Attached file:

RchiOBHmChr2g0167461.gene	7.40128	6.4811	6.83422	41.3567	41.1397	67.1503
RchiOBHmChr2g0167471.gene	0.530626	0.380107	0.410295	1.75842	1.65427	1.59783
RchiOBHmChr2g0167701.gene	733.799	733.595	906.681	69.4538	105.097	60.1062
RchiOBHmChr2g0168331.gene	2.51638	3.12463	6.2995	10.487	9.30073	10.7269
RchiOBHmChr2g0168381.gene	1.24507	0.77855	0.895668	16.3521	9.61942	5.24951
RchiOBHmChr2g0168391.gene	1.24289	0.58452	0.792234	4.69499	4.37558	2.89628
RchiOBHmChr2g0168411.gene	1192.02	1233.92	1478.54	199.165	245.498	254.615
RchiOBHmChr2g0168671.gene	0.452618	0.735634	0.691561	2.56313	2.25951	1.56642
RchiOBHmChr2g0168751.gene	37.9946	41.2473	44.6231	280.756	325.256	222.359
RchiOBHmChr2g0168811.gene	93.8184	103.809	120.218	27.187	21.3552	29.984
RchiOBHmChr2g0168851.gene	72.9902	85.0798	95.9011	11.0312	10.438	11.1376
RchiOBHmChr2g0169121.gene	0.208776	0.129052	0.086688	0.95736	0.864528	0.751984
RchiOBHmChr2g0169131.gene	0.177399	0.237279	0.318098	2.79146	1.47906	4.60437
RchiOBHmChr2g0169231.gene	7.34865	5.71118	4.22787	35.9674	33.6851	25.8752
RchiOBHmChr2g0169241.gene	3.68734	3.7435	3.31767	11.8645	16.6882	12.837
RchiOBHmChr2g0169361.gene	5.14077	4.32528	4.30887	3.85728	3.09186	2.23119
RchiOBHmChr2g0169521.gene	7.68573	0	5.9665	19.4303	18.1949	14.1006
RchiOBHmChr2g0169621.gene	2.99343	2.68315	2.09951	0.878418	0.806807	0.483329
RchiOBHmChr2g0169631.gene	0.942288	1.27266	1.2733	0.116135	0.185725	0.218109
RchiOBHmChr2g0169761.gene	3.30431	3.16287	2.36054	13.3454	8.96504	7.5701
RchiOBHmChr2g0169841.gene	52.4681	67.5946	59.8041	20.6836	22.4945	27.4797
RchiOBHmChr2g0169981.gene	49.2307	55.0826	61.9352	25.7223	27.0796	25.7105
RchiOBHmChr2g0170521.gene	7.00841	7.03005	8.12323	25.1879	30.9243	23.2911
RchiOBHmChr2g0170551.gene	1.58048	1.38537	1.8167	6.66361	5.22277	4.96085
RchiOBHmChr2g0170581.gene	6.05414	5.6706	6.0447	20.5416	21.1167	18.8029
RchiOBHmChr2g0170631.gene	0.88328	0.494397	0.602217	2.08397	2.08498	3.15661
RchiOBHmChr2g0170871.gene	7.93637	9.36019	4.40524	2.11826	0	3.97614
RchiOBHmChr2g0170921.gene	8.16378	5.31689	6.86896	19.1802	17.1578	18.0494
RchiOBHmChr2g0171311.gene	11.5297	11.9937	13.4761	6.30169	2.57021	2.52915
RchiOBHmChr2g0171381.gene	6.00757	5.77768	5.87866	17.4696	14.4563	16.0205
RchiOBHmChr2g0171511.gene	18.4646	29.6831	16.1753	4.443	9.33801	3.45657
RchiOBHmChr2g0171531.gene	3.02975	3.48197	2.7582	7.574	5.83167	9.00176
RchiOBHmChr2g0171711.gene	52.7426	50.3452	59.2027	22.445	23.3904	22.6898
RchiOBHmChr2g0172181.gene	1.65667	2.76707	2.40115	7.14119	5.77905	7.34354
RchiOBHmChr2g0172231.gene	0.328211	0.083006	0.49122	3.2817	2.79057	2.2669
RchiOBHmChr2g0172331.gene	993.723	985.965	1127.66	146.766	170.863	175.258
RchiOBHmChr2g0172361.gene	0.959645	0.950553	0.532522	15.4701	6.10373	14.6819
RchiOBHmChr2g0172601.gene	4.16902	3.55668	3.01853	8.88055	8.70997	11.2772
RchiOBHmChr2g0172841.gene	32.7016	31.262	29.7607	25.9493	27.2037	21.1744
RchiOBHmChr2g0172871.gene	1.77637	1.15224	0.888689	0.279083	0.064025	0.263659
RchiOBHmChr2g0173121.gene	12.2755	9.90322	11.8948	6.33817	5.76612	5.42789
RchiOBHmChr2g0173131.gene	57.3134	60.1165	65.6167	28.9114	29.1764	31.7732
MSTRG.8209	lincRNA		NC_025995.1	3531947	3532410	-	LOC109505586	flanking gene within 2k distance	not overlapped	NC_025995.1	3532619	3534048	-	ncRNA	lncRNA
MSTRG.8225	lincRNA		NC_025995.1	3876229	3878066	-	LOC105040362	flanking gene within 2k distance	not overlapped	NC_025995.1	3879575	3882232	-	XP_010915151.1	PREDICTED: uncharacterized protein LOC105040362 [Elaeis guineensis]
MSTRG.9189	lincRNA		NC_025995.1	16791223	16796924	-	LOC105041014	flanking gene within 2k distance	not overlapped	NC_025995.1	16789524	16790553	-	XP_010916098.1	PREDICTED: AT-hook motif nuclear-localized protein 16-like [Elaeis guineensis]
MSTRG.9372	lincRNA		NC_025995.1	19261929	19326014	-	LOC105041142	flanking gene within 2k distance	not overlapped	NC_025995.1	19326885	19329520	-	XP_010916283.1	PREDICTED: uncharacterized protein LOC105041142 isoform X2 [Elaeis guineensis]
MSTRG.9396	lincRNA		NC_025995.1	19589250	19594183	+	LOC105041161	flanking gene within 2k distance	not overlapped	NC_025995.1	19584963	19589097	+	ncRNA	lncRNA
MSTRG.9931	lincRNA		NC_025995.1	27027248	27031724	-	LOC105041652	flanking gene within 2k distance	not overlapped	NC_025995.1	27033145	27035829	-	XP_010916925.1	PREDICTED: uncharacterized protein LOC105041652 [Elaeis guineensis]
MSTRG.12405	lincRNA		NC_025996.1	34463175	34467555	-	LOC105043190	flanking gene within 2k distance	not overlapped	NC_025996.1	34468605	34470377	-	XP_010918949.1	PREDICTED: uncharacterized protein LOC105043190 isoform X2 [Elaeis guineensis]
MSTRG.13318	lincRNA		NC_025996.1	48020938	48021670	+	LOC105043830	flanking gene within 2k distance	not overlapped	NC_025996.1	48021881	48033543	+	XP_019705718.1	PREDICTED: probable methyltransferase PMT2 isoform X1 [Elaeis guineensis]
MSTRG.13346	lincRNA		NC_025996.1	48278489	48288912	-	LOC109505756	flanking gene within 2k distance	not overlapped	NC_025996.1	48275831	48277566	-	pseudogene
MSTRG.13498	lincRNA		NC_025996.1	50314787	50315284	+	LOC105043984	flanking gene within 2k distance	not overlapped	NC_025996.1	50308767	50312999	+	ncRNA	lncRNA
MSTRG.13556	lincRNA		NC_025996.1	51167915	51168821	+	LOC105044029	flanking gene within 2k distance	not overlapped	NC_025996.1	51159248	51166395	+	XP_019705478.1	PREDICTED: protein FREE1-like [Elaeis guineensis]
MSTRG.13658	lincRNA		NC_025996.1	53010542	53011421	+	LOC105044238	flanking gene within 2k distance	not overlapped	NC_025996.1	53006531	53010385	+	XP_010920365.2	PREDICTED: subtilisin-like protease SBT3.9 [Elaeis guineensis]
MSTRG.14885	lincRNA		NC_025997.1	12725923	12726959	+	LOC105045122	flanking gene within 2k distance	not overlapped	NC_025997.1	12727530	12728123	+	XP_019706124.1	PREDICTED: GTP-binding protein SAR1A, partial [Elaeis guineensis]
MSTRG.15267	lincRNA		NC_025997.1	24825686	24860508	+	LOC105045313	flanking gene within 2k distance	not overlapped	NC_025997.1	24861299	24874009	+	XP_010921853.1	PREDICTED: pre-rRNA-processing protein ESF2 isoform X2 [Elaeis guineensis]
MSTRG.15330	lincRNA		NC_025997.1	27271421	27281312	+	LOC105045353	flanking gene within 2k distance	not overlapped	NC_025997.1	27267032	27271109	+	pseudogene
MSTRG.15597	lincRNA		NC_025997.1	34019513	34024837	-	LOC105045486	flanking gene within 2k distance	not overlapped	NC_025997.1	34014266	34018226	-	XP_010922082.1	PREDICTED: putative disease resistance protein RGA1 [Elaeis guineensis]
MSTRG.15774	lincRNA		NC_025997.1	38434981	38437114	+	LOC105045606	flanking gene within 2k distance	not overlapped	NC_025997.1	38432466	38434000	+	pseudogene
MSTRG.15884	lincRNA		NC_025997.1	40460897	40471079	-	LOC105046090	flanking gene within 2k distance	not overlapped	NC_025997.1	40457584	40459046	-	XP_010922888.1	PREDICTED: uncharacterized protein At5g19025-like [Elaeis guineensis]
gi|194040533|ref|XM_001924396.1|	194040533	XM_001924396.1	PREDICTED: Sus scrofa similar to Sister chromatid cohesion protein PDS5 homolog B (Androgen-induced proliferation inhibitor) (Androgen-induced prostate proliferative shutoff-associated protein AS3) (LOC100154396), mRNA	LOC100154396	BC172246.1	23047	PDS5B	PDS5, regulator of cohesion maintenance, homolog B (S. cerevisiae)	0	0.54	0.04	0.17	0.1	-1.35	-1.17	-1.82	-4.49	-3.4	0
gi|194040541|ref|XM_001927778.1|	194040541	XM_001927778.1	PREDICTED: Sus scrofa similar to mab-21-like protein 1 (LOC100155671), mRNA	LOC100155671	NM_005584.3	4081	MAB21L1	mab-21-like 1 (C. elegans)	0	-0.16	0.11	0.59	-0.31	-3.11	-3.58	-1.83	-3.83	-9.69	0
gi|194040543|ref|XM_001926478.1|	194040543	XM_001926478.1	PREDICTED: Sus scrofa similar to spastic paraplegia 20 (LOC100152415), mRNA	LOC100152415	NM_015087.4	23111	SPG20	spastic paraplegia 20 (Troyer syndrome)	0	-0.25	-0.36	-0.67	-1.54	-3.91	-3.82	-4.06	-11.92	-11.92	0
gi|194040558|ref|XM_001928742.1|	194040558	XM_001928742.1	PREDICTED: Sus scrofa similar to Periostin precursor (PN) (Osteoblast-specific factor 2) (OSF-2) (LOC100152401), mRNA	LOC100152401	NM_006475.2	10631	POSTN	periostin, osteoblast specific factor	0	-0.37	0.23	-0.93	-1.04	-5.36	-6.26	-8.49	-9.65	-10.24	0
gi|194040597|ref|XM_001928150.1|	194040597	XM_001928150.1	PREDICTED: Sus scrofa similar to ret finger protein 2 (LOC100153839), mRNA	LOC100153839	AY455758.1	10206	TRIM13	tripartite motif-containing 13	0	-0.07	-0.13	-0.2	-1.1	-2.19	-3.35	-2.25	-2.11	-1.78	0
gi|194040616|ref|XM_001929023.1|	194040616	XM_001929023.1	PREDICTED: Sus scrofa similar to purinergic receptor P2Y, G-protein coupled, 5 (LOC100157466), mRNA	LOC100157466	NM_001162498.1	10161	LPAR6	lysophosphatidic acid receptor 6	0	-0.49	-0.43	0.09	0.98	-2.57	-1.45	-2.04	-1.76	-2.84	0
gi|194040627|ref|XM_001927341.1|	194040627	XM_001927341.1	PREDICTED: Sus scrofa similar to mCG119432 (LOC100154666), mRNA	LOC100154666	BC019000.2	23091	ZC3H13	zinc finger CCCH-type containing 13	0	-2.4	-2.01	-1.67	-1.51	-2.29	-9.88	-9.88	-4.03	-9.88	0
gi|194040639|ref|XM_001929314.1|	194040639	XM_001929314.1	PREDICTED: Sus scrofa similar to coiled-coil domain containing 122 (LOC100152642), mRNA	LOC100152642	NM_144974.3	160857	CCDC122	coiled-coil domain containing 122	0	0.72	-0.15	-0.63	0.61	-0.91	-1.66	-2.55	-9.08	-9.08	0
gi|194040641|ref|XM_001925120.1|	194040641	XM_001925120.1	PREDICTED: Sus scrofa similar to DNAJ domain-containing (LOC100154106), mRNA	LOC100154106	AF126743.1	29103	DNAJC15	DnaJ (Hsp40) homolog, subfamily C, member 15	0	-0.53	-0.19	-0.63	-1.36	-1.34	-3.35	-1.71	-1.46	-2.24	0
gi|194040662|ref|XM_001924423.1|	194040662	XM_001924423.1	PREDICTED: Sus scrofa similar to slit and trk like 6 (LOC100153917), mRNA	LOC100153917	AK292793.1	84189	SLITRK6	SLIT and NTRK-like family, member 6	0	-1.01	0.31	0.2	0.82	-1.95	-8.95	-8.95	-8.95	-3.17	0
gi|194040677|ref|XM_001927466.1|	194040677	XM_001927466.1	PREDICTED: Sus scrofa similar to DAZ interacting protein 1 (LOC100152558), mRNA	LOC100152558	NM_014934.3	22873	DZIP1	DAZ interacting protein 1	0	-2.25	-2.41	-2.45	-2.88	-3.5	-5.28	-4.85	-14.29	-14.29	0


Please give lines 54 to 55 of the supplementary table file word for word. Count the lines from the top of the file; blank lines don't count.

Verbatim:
MSTRG.13658	lincRNA		NC_025996.1	53010542	53011421	+	LOC105044238	flanking gene within 2k distance	not overlapped	NC_025996.1	53006531	53010385	+	XP_010920365.2	PREDICTED: subtilisin-like protease SBT3.9 [Elaeis guineensis]
MSTRG.14885	lincRNA		NC_025997.1	12725923	12726959	+	LOC105045122	flanking gene within 2k distance	not overlapped	NC_025997.1	12727530	12728123	+	XP_019706124.1	PREDICTED: GTP-binding protein SAR1A, partial [Elaeis guineensis]